Challenges and Opportunities Presented
As practitioners attempt to synthesize and integrate knowledge and tools emerged in anglo-european contexts with the particularities of other territories, this process demands to acknowledge positionality and explicitly adopt the insights from critical systems approaches (Reynolds and Holwell 2010, 10). In particular, it prompts us to see TD as a process aiming at developing “systemic interventions”, performing purposeful actions by agents “to create change in relation to reflection on boundaries” (Midgley, 2000, 132). The definition of such boundaries—from the adoption of boundary critique (Ulrich and Reynolds 2010)—can help articulate the values and goals that are present not just in the participants or stakeholders involved, but also on the side of researchers or facilitators. Following Midgley (2000, 130), the very adoption of theories and methods are a form of action and as such should be scrutinized to unconceal hidden assumptions, reveal interests and potential power tensions or conflicts.
As we have seen in our cases, the design of these pedagogical spaces demands an openness to a multiplicity of worldviews with their knowledges and tools, which are unavoidably driven by different purposes. Thus, this demands “the creative design of methods” (Midgley, 2000, 226), a synergistic combination of tools that address distinctive questions within the issues of concern. This process of adoption and adaptation finally constitutes a whole that is more than a mere sum of its parts, and differentiates itself from an otherwise linear or formulaic adoption of rigorous and external methods. The flexibility in this creative adaptation eases and supports a more appropriate and contextual specificity in the process—with particular purposes, needs and capacities that demand to be leveraged. The outcome of such an open, fluid and reflective process can therefore emerge as a mutual learning space and process which encompasses the exploration and integration of useful knowledge—either tacit or codified—for a deeper understanding of a problem, better decision-making and, therefore, transformation and change (Westberg and Polk 2016).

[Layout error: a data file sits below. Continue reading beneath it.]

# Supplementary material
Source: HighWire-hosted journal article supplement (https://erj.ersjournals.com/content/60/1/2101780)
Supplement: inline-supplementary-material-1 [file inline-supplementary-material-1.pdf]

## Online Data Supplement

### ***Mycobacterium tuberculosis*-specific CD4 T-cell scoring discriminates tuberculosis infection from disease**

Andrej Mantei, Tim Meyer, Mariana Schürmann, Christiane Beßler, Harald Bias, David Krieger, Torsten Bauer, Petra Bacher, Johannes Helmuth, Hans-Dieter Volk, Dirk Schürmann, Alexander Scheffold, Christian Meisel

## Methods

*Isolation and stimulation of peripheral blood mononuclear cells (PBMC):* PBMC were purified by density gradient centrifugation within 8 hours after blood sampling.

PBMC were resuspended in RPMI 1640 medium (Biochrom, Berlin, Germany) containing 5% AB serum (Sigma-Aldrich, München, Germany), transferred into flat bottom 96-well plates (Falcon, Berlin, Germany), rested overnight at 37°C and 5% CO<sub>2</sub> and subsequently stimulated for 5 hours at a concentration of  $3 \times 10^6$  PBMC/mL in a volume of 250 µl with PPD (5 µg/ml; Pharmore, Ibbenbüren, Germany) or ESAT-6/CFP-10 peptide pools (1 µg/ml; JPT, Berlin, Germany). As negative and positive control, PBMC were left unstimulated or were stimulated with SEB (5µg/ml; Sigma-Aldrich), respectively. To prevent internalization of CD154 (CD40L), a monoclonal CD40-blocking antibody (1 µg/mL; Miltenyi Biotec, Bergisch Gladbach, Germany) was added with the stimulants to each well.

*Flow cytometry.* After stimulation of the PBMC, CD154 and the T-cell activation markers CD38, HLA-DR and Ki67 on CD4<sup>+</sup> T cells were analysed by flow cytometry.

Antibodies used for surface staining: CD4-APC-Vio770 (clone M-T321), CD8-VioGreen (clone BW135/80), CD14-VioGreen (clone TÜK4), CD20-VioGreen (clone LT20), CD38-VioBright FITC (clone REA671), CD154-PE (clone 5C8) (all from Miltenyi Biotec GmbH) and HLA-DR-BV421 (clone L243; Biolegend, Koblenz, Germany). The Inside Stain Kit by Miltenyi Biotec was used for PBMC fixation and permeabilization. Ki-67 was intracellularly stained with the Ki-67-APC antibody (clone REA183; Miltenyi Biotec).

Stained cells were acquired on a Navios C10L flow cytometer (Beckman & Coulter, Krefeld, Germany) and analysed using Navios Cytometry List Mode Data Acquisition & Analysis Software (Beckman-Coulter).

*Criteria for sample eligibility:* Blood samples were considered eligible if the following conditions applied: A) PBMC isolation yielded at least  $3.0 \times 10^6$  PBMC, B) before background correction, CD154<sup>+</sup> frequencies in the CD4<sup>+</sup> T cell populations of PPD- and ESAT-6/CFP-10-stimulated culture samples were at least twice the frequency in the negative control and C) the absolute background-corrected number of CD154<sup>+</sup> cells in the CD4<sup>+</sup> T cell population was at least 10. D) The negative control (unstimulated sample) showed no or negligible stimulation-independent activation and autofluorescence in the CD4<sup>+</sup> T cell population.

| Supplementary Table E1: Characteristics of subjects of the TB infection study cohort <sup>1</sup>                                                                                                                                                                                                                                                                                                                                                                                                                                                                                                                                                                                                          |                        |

Transition processes imply transformational learning and change, with the participation of stakeholders with diverse and often divergent types of knowledges, interests and worldviews. Creating the conditions for enabling sustainable futures requires radical, systemic changes in values, beliefs and in patterns of social behavior (Westley and Laban, 2015) which in turn require an ontological-epistemological revolution that can truly re-embed the social spheres within nature—understanding its interdependencies.
This work attempts to outline a framework that adopts and adapts the Transition Design approach to educational institutions and platforms in the context of Latin America. Through the critical engagement with different systemic approaches and the analysis of three cases, we put forth a theoretical topography of what Transition Design workshops, or alternative pedagogical spaces, would need to engage with, integrate or expand within the region. We identify that the rich and diverse context that constitutes this subcontinent presents a series of challenges and opportunities for the adoption of TD as a type of systemic intervention that aims to ensure pluriversality, solidarity and mutual learning (transdisciplinarity).
In an attempt to initially characterize TD in Latin America, we draw the conclusion that it constitutes a dialogical empowering platform for activist practices fostering socio-environmental transformations through synergistic collective actions that constitute systemic interventions. Such spaces, while motivated from a sense of urgency, a pressing need for transcending inequality and enabling dignified lives, need to harmonize with the pace, aesthetics and ethics of life in the region, as we see with endeavors as Indigenous Futures (Futuros Indígenas 2021). Conviviality, solidarity, a horizontal exchange and valuation of knowledge and wisdoms, the explicitation of values and an inclination to caring practices of re-existence towards Buen Vivir (acting with the heart using the head in communion with nature) are its most outstanding features.